Large-scale transmission expansion: what’s the prognosis? (Pt. 1)

In this post, let’s explore renewables and large-scale transmission expansion. In Australia, significant large-scale, inter-state transmission expansion is underway to support renewables. But the question remains: is it cost-effective? In this first of two posts, I will focus on Australia. The second post will focus on the US.

I invited Professor Bruce Mountain, PhD, Director of the Victoria Energy Policy Centre at Victoria University in Melbourne, Australia, to help answer the question. First, I will explain the background on transmission expansion to support renewables, then bring Dr. Mountain into the conversation, and finally discuss transmission buildouts to support large-scale decarbonization.

The Electric Reliability Council of Texas (ERCOT) was perhaps the first jurisdiction to augment its grid at large-scale to allow for increased integration of multiple large-scale renewable generators across renewable zones. This “Competitive Renewable Energy Zone” (CREZ) transmission expansion, largely completed in 2014, cost around US$6.9 billion and intended to allow for the integration of approximately 11 GW of additional wind generation from West Texas for delivery to the main Texas demand centers of Dallas, Fort Worth, Austin, San Antonio, and Houston, with a typical distance from CREZ wind farm locations to the demand centers of very roughly 500 km.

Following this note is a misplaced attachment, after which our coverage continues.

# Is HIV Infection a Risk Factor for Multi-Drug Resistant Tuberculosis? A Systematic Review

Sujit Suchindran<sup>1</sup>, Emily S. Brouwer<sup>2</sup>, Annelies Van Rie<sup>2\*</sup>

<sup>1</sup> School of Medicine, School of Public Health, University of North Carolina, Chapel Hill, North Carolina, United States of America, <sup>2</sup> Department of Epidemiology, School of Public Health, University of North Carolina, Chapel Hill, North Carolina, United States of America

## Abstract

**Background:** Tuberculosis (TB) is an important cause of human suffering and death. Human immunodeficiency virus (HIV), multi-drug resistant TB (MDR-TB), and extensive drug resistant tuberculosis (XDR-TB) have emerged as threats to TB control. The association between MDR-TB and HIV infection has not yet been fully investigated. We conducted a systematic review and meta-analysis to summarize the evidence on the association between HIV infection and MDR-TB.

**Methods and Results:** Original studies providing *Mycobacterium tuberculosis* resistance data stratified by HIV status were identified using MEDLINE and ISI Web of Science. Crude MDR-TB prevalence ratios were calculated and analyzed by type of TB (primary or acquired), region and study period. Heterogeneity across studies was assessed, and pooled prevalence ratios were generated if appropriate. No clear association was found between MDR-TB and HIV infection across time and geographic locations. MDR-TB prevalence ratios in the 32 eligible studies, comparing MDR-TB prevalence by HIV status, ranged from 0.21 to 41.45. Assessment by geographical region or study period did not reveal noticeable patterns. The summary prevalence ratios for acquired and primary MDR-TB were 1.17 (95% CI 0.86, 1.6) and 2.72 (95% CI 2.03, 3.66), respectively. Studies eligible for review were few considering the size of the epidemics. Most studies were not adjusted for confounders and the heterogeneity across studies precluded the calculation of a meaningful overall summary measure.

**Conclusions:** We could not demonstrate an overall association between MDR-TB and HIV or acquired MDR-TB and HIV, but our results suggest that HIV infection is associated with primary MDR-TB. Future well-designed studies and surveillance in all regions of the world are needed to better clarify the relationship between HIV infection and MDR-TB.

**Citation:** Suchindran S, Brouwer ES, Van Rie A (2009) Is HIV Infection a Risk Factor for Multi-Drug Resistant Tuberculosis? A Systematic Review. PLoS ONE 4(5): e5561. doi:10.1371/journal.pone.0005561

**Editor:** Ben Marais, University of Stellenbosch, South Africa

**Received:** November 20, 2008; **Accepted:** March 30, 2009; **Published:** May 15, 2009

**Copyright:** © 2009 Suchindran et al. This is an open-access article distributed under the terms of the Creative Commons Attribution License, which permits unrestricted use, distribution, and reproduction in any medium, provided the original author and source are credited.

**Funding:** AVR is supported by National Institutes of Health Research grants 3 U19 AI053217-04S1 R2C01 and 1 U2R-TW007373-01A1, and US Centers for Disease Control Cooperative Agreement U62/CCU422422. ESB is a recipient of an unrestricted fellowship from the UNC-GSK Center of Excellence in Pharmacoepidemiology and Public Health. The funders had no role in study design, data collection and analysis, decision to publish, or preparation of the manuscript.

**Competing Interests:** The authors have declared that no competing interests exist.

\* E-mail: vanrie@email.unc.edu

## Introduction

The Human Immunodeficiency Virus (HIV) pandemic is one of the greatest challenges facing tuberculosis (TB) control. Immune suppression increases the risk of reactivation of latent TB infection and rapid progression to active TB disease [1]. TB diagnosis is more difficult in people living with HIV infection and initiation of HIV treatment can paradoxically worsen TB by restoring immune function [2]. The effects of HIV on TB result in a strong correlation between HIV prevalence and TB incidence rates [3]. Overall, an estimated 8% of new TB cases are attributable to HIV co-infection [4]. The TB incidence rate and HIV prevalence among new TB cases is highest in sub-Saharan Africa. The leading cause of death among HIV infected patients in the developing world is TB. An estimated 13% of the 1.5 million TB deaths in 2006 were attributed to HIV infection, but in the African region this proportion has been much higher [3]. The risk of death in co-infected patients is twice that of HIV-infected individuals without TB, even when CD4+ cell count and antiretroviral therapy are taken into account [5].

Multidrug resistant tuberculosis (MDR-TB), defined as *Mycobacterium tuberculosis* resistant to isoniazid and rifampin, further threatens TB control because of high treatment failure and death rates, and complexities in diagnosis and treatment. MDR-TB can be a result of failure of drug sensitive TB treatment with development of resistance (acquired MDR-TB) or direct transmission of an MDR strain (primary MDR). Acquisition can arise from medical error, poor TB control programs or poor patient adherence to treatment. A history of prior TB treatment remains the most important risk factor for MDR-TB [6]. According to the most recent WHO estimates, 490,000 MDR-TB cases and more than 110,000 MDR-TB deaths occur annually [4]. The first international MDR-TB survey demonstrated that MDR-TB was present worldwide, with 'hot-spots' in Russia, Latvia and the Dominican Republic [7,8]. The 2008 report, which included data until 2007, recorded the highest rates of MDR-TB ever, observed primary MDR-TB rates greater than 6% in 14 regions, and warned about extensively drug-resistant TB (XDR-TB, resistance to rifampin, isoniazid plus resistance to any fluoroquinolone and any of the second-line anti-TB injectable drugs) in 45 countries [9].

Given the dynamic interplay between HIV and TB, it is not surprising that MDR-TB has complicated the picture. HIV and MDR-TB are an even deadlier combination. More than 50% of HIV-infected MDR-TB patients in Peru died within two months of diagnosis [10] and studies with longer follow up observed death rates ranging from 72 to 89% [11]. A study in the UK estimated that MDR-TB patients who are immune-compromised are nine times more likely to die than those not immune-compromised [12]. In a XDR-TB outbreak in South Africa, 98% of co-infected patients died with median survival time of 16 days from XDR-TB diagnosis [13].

Much of the CREZ transmission was built on new corridors. The landowners in West Texas were relatively sanguine about transmission construction. There were likely several reasons for this, including the level of compensation for accepting transmission easements and the understanding by the landowners that remuneration from additional wind farm leases could only occur if there was transmission to move wind power from West Texas.

We can do a simple (and simplistic) calculation to evaluate the cost-per-unit of incremental transmission capacity. In particular, dividing the incremental capacity into the cost yields a capital cost of around US$600/kW for delivering power across roughly 500 km. This is not the same as the cost of individual lines, which would be lower on average, but is instead an effective cost of what was required to uprate the transfer capacity. However, it should also be acknowledged that various issues have limited the transfer capacity increase to below the intended 11 GW, so the actual capital cost per unit capacity is, practically speaking, somewhat higher than US$600/kW.

Although CREZ was a big investment, it is likely one of the lowest cost per unit capacity transmission expansions in modern times anywhere in the world. (Click here for a fuller discussion of these costs and various transmission cost components.) Subsequent to the CREZ expansion, inflation in materials costs and increases in land costs point toward increases in new transmission construction costs both in real and nominal cost terms. That is, we should view US$600/kW as being below current and future costs of transmission.

In contrast to transmission, the real and nominal cost of building both wind and solar has decreased in the last decade. The US Energy Information Administration (EIA) provides historical data on renewable construction costs. EIA data reports that construction costs for large-scale solar fell from more than US$3,500/kW in 2013 to US$1,800/kW in 2019. Large-scale wind fell from around US$2,000/kW in 2013 to around US$1,400/kW in 2019. Although the construction costs of large-scale renewables have apparently risen in nominal terms during and post-COVID, the implications are clear: over the last decade, transmission costs are assuming a much larger fraction of the cost of renewable integration as transmission costs have increased somewhat while renewables costs have decreased markedly.